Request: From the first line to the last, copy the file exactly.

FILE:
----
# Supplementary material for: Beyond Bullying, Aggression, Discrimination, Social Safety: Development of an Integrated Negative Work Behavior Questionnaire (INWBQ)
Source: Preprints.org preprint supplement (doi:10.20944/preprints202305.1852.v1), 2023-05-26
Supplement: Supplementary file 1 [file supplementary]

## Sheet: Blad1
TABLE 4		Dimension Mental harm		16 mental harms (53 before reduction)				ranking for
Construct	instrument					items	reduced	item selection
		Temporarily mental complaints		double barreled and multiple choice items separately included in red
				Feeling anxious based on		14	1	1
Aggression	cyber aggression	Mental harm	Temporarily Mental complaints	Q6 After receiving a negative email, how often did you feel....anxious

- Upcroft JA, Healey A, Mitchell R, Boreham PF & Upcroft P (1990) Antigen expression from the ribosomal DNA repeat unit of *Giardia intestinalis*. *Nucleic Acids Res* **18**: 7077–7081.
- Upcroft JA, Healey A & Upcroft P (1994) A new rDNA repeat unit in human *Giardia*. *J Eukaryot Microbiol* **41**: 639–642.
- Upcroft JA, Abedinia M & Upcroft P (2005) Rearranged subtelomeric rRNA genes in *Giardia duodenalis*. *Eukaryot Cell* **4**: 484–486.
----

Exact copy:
# Supplementary material for: Beyond Bullying, Aggression, Discrimination, Social Safety: Development of an Integrated Negative Work Behavior Questionnaire (INWBQ)
Source: Preprints.org preprint supplement (doi:10.20944/preprints202305.1852.v1), 2023-05-26
Supplement: Supplementary file 1 [file supplementary]

## Sheet: Blad1
TABLE 4		Dimension Mental harm		16 mental harms (53 before reduction)				ranking for
Construct	instrument					items	reduced	item selection
		Temporarily mental complaints		double barreled and multiple choice items separately included in red
				Feeling anxious based on		14	1	1
Aggression	cyber aggression	Mental harm	Temporarily Mental complaints	Q6 After receiving a negative email, how often did you feel....anxious

- Upcroft JA, Healey A, Mitchell R, Boreham PF & Upcroft P (1990) Antigen expression from the ribosomal DNA repeat unit of *Giardia intestinalis*. *Nucleic Acids Res* **18**: 7077–7081.
- Upcroft JA, Healey A & Upcroft P (1994) A new rDNA repeat unit in human *Giardia*. *J Eukaryot Microbiol* **41**: 639–642.
- Upcroft JA, Abedinia M & Upcroft P (2005) Rearranged subtelomeric rRNA genes in *Giardia duodenalis*. *Eukaryot Cell* **4**: 484–486.